Know of another fast break drill that’s been particularly effective for your own team? Send us an e-mail at firstname.lastname@example.org and tell us all about it. Then stay tuned as we’ll feature it in an upcoming basketball newsletter.
The previous clips can be seen on Championship Productions’ DVD “Bob Hurley’s Practice Planning & Program Development.” To check out more videos featuring Bob Hurley, head over to our basketball library.
Teams equipped with smaller, less athletic players often face an uphill challenge when they go up against bigger, more powerful squads. However, teams can still turn this perceived weakness into a strength by implementing specific strategies and sets on the basketball floor.
With 2010-11 Naismith National High School Boys Basketball Coach of the Year Kevin Boyle leading the way, learn about different ways you can win with undersized players. Boyle provides an overview of his offense before getting into specific team drills to practice the key concepts.
For undersized teams, the goal here is to spread the floor after we get over half court. However, the first problem is getting the ball up the court against pressure. You might have a lot of trouble even getting into your sets and plays.
First, you want to stretch high and wide full court against a more athletic team. Stay out of the corners so that guys have the opportunity to fade to the corners and drive when necessary. Second, look to keep 15 to 18-foot spacing between guards and 15 to 18-foot spacing between the wings.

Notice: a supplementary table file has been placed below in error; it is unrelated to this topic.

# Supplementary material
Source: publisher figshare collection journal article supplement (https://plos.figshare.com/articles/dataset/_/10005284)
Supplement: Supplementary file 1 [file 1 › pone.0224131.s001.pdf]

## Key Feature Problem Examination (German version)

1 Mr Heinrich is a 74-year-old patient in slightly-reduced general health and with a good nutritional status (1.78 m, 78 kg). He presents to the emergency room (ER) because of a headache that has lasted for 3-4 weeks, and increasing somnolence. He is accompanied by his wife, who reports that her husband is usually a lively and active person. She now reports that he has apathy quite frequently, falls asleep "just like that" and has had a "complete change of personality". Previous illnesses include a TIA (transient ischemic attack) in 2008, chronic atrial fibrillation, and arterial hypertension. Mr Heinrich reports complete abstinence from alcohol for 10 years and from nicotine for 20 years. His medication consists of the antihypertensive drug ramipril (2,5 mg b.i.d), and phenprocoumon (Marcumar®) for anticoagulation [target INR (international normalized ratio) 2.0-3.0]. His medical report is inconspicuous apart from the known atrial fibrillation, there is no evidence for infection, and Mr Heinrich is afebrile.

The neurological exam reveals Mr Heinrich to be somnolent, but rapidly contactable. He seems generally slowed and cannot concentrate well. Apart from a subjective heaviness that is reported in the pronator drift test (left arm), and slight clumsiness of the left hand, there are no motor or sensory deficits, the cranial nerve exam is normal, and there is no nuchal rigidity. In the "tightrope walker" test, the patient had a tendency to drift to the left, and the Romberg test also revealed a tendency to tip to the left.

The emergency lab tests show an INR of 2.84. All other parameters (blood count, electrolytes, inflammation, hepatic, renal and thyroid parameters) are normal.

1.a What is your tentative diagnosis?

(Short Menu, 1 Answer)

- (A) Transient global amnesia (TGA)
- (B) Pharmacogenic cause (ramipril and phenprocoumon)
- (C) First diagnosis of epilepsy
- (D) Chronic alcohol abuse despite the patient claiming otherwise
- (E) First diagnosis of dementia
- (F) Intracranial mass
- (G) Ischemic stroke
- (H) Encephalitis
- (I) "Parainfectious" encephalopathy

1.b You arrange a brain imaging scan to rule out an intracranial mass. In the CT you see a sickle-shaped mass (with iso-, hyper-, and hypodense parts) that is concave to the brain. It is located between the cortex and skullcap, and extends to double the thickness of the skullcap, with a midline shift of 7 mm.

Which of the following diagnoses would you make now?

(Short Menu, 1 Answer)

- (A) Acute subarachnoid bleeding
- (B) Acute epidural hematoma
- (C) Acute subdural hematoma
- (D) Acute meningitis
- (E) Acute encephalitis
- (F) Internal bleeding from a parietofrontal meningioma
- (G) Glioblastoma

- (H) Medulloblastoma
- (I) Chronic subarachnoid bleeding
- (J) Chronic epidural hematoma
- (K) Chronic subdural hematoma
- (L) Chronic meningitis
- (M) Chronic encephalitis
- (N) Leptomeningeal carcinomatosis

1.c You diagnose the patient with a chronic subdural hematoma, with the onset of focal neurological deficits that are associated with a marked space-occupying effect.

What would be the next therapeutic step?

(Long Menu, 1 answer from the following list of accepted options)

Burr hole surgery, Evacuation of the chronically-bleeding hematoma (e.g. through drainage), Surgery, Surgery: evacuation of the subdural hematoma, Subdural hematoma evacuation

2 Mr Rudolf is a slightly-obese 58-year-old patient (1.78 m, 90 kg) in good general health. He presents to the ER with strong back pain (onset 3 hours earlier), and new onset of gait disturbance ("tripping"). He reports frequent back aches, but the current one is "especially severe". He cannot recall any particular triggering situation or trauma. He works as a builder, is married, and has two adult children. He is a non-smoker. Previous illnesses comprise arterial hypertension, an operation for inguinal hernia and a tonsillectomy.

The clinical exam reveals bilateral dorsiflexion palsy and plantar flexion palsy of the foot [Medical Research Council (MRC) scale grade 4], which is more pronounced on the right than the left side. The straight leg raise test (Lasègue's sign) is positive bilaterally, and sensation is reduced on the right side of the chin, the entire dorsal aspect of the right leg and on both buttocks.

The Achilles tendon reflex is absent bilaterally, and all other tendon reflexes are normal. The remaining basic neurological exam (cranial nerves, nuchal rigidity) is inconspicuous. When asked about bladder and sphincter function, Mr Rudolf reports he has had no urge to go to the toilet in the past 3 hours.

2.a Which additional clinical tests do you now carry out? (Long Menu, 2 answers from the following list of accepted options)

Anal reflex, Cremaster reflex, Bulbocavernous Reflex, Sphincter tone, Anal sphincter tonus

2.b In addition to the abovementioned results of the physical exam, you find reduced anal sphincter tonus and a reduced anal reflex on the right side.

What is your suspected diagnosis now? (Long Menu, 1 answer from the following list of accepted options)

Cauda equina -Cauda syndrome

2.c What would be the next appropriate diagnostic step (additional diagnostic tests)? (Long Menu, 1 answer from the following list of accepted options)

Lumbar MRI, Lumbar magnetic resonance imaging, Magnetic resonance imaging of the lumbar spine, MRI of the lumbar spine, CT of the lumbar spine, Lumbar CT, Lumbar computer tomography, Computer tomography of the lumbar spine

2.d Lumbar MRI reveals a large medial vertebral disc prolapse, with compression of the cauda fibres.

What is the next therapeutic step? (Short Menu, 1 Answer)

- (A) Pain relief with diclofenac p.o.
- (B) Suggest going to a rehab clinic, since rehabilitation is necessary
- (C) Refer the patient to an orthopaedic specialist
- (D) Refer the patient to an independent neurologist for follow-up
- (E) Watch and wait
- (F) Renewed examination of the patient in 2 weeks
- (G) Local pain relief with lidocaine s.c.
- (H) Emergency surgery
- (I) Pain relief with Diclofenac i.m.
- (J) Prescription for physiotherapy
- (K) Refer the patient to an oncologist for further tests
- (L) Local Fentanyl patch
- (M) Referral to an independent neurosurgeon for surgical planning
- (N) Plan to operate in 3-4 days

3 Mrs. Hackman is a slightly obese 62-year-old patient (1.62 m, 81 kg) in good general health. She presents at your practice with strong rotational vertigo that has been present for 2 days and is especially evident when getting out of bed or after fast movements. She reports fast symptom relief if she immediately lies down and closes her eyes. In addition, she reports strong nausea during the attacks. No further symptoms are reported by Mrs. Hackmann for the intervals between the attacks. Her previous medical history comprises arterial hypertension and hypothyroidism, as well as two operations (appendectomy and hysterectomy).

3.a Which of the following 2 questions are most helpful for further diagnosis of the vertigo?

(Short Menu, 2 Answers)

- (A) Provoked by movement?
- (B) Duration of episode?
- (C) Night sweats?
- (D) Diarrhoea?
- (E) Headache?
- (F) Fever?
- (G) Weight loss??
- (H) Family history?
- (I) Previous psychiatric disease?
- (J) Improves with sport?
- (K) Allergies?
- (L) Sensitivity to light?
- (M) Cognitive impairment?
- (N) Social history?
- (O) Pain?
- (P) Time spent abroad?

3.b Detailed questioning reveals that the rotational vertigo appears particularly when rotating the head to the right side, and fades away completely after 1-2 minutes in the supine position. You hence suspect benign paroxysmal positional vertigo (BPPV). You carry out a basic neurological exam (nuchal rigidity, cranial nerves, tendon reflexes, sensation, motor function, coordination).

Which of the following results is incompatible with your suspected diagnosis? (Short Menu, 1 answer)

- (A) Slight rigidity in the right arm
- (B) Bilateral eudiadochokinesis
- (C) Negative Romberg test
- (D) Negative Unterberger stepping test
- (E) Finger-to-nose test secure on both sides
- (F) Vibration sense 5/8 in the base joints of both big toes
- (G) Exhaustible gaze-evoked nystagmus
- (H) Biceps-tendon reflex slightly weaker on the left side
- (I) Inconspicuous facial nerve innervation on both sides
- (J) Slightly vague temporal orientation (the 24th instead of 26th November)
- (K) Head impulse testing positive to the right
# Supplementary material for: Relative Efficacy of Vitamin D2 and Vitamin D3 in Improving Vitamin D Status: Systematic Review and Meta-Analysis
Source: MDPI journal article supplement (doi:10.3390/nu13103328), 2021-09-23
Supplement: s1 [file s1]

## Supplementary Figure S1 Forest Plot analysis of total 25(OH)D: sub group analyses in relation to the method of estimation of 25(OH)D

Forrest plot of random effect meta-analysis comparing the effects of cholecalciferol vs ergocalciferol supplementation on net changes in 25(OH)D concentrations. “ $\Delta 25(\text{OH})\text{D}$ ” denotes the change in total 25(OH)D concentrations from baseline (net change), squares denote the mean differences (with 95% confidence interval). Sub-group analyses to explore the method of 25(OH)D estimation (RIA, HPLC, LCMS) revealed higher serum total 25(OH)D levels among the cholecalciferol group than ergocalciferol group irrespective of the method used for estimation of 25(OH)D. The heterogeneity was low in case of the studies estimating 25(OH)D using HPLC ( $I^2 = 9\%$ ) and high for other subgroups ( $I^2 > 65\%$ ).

With this first motion offense, we have a few simple rules: 1) If you pass below, you cut through, 2) If there is no post player on the ballside, aim for an inside cut looking for a layup or quick cut behind the defender, 3) When the passer cuts, the opposite guard fills in for him and the opposite wing fills in for the opposite guard, 4) If you pass the ball out, replace yourself, and 5) If you pass across, cut to the rim hard and fill the wing’s spot on the same side. Or, after passing across, look to get a little flare screen with the wing player screening for the cutter. You can also pass across and then screen down.
With these rules, you learn about spacing, cutting, and some simple rules to teach kids how to space the floor (especially against teams that are bigger, longer, and more athletic). The goal here is that we want to create good space for backdoors and gap dribbles.
If you feed the post, look to make a banana cut to the elbow with space, have players fill, and then pass it back out for the three-point attempt. It really makes a difference if you take the opponent’s big man away from the basket by having a high post instead of a low post. Remember, we aren’t screening a lot with this set because we’re relying on cutting.
Get two lines of players, one at the top of the key and near half court and the other on the ballside wing. Players on the wing will sprint off the screen and V-cut toward the pass. Look to create spacing.
Players will catch the pass, rip it, dribble hard towards the paint, jump stop, and then dish out to a flaring wing player in the corner. After players pass the ball, they should backpedal beyond the three-point line (for defensive balance).